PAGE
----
No, instead we get to see the man who was wronged get even more wronged time and time again. I mean, I know wrestling angles do this sort of thing to achieve an effective climax to a feud, but this is just ridiculous.
Since his return, Kurt has been jobbing to Jarrett, and it's just getting old now.
What is the biggest problem in TNA?
Trying too hard to be competition with WWE
To quote Jim Cornette, "if everyone else in the world is selling hamburgers, then why would you want to sell hamburgers, when you can sell chicken?"
To sum up this excellent quote, Cornette is saying why try to be the same as everyone else when you can be different and stand out?
TNA used to be a more wrestling-oriented product. They would have their feuds and their promos, true, but it all came down to the matches.
Suddenly, things change and now, TNA is doing things in the exact same way as WWE. Unfortunately for TNA, WWE has been doing this type of wrestling show much longer and they are the biggest wrestling company in the world.
Anyone else who does things in a similar manner will just come off as a "second rate WWE."
That's not to say that WWE is the best wrestling company in the world or better than TNA. They're just bigger and you won't be able to compete with that by offering the same product.
Its more than just trying to copy WWE's style, though. If you've watched TNA at all in the past year, you more than likely heard a few shots at WWE from more than one source on Impact.
Whether it was Tommy Dreamer talking about how WWE didn't respect him, Mr. Anderson saying how he didn't get his shot in WWE, or the more recent "3-3-11" promo trying to mock WWE's "2-21-11" hype, TNA is often trying to spark a war with the WWE.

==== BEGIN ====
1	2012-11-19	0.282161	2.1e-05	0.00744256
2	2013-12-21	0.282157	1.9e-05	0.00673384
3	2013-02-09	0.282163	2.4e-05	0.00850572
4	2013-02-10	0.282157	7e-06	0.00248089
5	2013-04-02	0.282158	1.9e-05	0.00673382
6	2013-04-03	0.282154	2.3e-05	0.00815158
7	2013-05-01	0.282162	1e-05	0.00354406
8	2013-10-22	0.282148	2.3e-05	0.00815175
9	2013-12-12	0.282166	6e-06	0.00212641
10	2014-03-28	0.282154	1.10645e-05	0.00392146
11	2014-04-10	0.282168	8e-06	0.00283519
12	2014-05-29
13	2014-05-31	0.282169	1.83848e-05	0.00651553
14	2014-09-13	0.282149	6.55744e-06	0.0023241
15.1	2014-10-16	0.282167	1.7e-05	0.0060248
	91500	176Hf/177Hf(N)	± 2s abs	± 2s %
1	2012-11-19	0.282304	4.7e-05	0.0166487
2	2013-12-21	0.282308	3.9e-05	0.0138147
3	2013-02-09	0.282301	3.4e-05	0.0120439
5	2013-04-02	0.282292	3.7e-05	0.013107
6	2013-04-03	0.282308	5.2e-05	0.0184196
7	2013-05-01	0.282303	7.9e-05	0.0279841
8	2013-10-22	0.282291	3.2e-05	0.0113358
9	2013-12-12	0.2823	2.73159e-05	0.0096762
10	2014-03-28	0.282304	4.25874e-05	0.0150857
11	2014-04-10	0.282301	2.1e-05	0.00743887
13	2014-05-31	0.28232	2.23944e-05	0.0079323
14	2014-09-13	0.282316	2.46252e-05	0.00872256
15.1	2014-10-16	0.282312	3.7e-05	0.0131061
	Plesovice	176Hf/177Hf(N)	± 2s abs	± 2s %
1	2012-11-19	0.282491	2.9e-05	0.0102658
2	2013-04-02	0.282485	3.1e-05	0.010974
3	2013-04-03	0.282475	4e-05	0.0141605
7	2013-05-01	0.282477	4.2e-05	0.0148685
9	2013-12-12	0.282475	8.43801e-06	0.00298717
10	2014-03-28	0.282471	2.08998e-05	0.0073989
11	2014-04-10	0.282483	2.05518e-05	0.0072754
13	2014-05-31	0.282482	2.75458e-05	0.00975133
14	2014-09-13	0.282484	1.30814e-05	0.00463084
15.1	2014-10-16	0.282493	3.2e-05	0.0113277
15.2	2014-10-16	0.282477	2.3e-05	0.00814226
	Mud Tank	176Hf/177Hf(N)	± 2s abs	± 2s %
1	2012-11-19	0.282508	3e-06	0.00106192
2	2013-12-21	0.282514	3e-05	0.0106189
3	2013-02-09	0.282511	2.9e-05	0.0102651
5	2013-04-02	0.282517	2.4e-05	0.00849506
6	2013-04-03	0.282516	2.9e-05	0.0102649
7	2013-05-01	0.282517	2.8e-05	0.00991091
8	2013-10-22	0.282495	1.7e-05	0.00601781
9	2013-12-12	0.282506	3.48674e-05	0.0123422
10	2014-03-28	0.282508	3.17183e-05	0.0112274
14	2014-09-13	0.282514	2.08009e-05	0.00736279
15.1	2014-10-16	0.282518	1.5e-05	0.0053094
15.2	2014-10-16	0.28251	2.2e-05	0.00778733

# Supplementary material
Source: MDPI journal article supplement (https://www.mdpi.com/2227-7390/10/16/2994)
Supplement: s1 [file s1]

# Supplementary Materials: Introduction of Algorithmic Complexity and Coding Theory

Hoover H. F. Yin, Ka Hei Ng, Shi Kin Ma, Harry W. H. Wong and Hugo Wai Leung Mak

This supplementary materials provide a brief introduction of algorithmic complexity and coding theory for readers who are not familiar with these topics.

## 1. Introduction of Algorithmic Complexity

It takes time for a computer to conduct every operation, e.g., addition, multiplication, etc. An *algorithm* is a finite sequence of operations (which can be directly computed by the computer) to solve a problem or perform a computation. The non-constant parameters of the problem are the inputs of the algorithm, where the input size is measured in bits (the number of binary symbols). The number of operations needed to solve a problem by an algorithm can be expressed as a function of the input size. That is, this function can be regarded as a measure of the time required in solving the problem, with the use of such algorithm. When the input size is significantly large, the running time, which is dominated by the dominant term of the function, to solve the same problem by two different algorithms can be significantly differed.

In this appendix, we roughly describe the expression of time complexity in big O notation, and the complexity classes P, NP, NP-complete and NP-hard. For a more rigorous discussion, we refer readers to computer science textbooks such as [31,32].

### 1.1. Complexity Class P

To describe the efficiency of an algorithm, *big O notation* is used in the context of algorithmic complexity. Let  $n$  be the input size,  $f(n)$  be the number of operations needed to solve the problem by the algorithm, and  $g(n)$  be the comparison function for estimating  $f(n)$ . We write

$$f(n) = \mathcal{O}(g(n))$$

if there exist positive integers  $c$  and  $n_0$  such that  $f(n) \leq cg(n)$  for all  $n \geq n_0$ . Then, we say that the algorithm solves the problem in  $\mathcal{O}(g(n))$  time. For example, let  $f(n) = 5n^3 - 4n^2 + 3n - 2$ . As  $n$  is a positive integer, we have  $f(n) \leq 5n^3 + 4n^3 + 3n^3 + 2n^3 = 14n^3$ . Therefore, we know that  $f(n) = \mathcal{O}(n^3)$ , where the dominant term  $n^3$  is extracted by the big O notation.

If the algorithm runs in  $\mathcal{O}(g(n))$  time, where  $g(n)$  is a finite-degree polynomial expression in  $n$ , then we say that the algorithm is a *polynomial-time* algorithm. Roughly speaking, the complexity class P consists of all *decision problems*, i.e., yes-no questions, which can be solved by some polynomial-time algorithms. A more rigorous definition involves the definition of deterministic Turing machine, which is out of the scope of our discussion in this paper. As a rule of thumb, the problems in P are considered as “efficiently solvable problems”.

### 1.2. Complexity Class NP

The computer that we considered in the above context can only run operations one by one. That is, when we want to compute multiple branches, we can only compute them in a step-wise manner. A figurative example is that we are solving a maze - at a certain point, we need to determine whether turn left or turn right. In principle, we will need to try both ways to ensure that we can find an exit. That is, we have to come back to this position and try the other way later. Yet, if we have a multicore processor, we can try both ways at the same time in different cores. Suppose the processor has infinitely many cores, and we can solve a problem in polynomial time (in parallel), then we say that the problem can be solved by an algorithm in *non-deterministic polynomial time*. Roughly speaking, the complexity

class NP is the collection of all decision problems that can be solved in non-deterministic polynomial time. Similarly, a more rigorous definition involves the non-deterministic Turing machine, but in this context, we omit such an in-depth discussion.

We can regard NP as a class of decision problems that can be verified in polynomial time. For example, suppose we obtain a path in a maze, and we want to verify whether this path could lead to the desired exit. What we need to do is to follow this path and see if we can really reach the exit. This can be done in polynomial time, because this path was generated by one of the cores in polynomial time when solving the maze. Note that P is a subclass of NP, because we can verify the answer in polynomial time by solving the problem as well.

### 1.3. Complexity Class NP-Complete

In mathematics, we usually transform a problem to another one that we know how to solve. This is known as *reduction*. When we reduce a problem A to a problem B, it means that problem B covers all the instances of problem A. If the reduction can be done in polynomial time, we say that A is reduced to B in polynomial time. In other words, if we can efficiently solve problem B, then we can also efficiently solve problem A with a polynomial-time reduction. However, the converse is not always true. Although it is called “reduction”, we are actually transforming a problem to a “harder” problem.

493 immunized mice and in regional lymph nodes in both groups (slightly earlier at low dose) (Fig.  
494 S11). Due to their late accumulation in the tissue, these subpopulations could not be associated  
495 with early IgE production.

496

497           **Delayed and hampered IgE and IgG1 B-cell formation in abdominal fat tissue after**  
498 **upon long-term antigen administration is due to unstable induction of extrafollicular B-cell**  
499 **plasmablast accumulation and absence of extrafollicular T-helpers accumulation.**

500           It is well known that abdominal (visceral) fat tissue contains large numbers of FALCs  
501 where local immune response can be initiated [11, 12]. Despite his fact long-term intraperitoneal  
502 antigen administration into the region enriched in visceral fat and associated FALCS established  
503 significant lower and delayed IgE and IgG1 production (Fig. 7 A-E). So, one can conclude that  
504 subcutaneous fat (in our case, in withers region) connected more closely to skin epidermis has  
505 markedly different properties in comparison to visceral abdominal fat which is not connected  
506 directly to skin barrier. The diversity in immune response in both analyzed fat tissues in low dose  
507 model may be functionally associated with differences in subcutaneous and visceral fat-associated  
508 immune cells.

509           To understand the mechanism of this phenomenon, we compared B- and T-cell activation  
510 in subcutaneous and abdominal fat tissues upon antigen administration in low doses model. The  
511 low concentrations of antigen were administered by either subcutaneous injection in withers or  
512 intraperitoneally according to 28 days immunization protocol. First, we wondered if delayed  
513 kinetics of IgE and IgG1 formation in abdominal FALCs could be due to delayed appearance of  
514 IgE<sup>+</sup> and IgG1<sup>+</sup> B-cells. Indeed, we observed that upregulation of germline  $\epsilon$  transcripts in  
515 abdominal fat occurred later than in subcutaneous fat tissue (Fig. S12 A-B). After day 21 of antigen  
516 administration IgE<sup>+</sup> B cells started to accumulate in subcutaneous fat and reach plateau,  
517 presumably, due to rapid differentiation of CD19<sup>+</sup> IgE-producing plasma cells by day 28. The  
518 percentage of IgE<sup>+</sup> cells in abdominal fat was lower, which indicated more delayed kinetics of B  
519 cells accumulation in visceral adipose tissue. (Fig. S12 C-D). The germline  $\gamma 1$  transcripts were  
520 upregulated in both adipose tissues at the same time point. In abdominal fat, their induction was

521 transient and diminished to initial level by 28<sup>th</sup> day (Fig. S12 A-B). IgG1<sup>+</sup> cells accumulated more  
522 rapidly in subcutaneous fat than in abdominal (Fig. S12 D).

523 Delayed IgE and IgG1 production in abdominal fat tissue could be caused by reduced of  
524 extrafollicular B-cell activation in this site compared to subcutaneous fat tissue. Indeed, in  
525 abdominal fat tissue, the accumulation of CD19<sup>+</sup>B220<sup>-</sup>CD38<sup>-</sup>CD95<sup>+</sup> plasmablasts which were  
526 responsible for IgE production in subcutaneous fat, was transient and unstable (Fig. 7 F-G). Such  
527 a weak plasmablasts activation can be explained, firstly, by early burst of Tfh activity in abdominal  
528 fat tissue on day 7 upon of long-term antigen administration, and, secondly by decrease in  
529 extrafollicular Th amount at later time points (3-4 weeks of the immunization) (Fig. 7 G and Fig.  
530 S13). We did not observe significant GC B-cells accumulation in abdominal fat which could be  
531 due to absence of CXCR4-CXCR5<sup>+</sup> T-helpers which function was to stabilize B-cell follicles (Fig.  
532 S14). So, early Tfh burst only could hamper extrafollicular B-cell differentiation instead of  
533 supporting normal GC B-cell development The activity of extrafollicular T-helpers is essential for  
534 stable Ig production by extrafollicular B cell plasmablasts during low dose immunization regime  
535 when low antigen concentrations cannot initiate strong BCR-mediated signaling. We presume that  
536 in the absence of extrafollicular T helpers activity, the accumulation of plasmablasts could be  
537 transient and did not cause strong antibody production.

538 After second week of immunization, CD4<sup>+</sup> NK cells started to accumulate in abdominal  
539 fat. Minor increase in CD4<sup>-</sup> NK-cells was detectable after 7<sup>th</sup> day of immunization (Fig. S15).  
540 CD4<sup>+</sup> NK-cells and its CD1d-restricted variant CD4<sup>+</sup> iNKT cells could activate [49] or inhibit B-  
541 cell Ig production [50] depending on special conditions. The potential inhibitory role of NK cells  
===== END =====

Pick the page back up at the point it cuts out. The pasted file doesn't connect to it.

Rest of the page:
Now, dissing the competition is all well and good; if it was actually affecting the competition you were trying to bring down and if you were effectively competing with that same competition.
WWE gets anywhere from a 3 to a 3.5 rating on any given week. TNA gets between a 1 and a 1.3. Thats a pretty big difference in numbers.
Right now, TNA is far from being any threat to the WWE's position on the top. While, poking fun at another promotion can be an effective tactic, sometimes it can backfire (and badly).
A classic example of effectively poking fun at the competition is Jerry Lawler claiming "We're gonna get to see all of this PPV, J.R." in regards to WCW's Halloween Havoc PPV going off the air early in 1998.
Let's change gears a little and see an ineffective promotion tactic to bring down the competition: Bischoff spoiling Mankind winning the WWF title, which caused thousands to change the channel to witness the event, then changing back to see what WCW had to offer in return, but were treated to the infamous "Fingerpoke of Doom."
Over-reliance on former WWE superstars/legends
Yes, every company uses well-established superstars to get more spotlight. The WWE has Undertaker and Triple H facing each other in order to increase buyrates.
They're inducting Shawn Michaels one year after his retirement to increase ticket sales of the Hall of Fame ceremony.